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Greetings from South Florida

Started by Loki, September 11, 2010, 12:04:10 pm

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Greetings everyone. I'm glad to have found such a wonderful forum and I'm looking forward to being a small part of this community.

A little about my background. I am the lead gardener at the Morikami Japanese Museum and Gardens in Delray Beach. I have been there for two years. Gardening is my passion and profession. I have been involved in Florida landscape since I was a teenager. I also have a small business that specializes in pruning and gardening as well as turf management in South Florida.

Working at the Morikami has been a very humbling experience. I am always amazed at how much more there is to learn. I have had the great pleasure of working with Hoichi Kurisu, who designed the Morikami and his crew over the years. I have done my best to "steal" as much of his knowledge as possible and I'm looking forward to learning more from all of you and this valuable resource.

Thanks for you time.

Hard work shows the character of a person. Some turn up their sleeves, some turn up their noses, and some don't turn up at all.


Welcome Chris,

Among other things, I am sure you can help with insights into warm-weather gardening questions which arise from time to time.  What are your areas of interest?



Welcome Chris!  Glad to have you here and look forward to sharing stolen knowledge... ;)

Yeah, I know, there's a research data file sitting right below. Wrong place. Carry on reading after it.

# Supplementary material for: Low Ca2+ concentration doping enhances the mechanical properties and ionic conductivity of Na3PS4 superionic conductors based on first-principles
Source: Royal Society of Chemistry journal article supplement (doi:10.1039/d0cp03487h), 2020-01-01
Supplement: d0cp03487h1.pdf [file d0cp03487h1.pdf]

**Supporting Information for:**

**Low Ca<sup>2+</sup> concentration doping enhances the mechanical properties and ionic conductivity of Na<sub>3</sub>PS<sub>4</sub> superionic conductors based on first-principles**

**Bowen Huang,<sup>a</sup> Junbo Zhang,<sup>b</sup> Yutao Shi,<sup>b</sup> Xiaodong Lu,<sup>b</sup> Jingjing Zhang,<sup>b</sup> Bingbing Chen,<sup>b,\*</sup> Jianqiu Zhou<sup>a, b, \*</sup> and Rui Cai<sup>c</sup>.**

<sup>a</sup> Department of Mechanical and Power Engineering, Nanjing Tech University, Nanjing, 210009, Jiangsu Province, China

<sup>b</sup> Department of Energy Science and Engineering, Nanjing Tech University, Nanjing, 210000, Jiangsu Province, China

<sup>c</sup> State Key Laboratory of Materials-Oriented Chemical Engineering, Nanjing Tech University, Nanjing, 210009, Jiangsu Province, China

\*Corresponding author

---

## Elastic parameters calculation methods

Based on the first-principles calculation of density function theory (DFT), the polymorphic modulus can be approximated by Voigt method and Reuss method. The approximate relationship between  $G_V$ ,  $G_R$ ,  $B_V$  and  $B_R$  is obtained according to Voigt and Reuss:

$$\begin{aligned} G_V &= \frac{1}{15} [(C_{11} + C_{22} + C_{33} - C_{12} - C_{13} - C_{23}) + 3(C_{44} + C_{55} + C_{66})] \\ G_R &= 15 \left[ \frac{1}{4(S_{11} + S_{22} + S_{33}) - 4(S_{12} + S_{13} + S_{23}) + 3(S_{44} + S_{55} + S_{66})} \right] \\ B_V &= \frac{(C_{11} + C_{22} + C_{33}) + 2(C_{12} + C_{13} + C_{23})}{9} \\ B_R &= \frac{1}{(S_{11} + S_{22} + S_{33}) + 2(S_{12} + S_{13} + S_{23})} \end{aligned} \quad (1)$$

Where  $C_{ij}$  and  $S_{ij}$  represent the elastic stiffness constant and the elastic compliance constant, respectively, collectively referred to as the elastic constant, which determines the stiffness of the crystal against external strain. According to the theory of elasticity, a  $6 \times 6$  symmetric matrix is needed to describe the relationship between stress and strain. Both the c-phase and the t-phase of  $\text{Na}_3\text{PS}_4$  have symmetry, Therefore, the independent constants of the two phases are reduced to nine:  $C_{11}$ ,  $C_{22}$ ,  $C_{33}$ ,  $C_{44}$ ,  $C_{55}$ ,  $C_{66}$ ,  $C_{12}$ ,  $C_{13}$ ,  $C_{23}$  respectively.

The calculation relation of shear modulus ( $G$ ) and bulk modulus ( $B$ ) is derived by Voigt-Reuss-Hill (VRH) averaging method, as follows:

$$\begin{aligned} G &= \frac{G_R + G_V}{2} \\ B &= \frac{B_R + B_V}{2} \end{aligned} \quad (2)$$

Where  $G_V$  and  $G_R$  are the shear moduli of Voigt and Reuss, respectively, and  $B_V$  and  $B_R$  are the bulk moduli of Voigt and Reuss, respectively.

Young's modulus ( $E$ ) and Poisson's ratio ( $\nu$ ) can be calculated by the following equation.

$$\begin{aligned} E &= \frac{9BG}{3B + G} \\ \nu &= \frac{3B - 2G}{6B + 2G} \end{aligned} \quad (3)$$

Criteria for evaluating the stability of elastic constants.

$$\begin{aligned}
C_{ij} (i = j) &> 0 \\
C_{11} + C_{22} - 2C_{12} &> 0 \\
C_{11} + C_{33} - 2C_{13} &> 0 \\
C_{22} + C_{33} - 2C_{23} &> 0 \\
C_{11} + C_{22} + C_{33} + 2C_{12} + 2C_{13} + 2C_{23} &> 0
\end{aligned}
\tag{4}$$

Thank you for the greetings.

Working in a Japanese Garden in South Florida does have its challenges. Obviously the first difference is simple geography. We can not grow the traditional plants seen in most Japanese Gardens. Our solution is to choose plants that have similar growth structure, leaf patterns and general appearance. We get close. For instance, we can't grow black pines very well if at all. However we do have a native pine called the slash pine. They can't be pruned much, but they naturally grow into shapes desired in Japanese Gardens. Also living at three feet above sea level we have no hills or mountains. We have grown ficus trees and prune them to resemble a mountain back ground. It is very effective. We "borrow" the existing landscape (tree lines in the back ground) to give the illusion of a mountainous back drop. The most obvious difference is our growing season. We never stop pruning. Ever. The semi-tropical growing zone is a bio mass making machine. We slow down in Jan, Feb and March, but we still have to prune non stop.

The Morikami Japanese Garden is 16.5 acres. Its BIG! We currently have a six man crew due to budget restrains. Taking care of such a large space changes the way you approach an intimate garden setting like many Japanese style gardens. It is a challenge.

My main interests are building and raking karesansui gardens. I have had the pleasure of installing a small 15x10 karesansui garden as an addition an existing pocket garden within the Morikami and I really love raking the seven karesansui gardens we have on site. I even built a small one at my house.

Obviously pruning is a great joy for me. The unforeseen joy has come from learning the plants life cycles. Watching when the bloom, when they have growth spurts, when they drop leaves and learning when to stop pruning to ensure the best blooms. An example: We are fortunate to be able to grow azaleas in south Florida. Not an easy task due to our hot temperatures and non acidic soil. Over the years we have learned to do our last pruning on them in early October. This allows us to get the final shape in them, but also allows them to bloom in the most brilliant fashion. Azaleas bloom on old wood, so the final prune must be just right. We don't touch them until after they bloom in Feb and March. So many plants speak to us this way. We just have to stop and learn from what they tell us.
Hard work shows the character of a person. Some turn up their sleeves, some turn up their noses, and some don't turn up at all.

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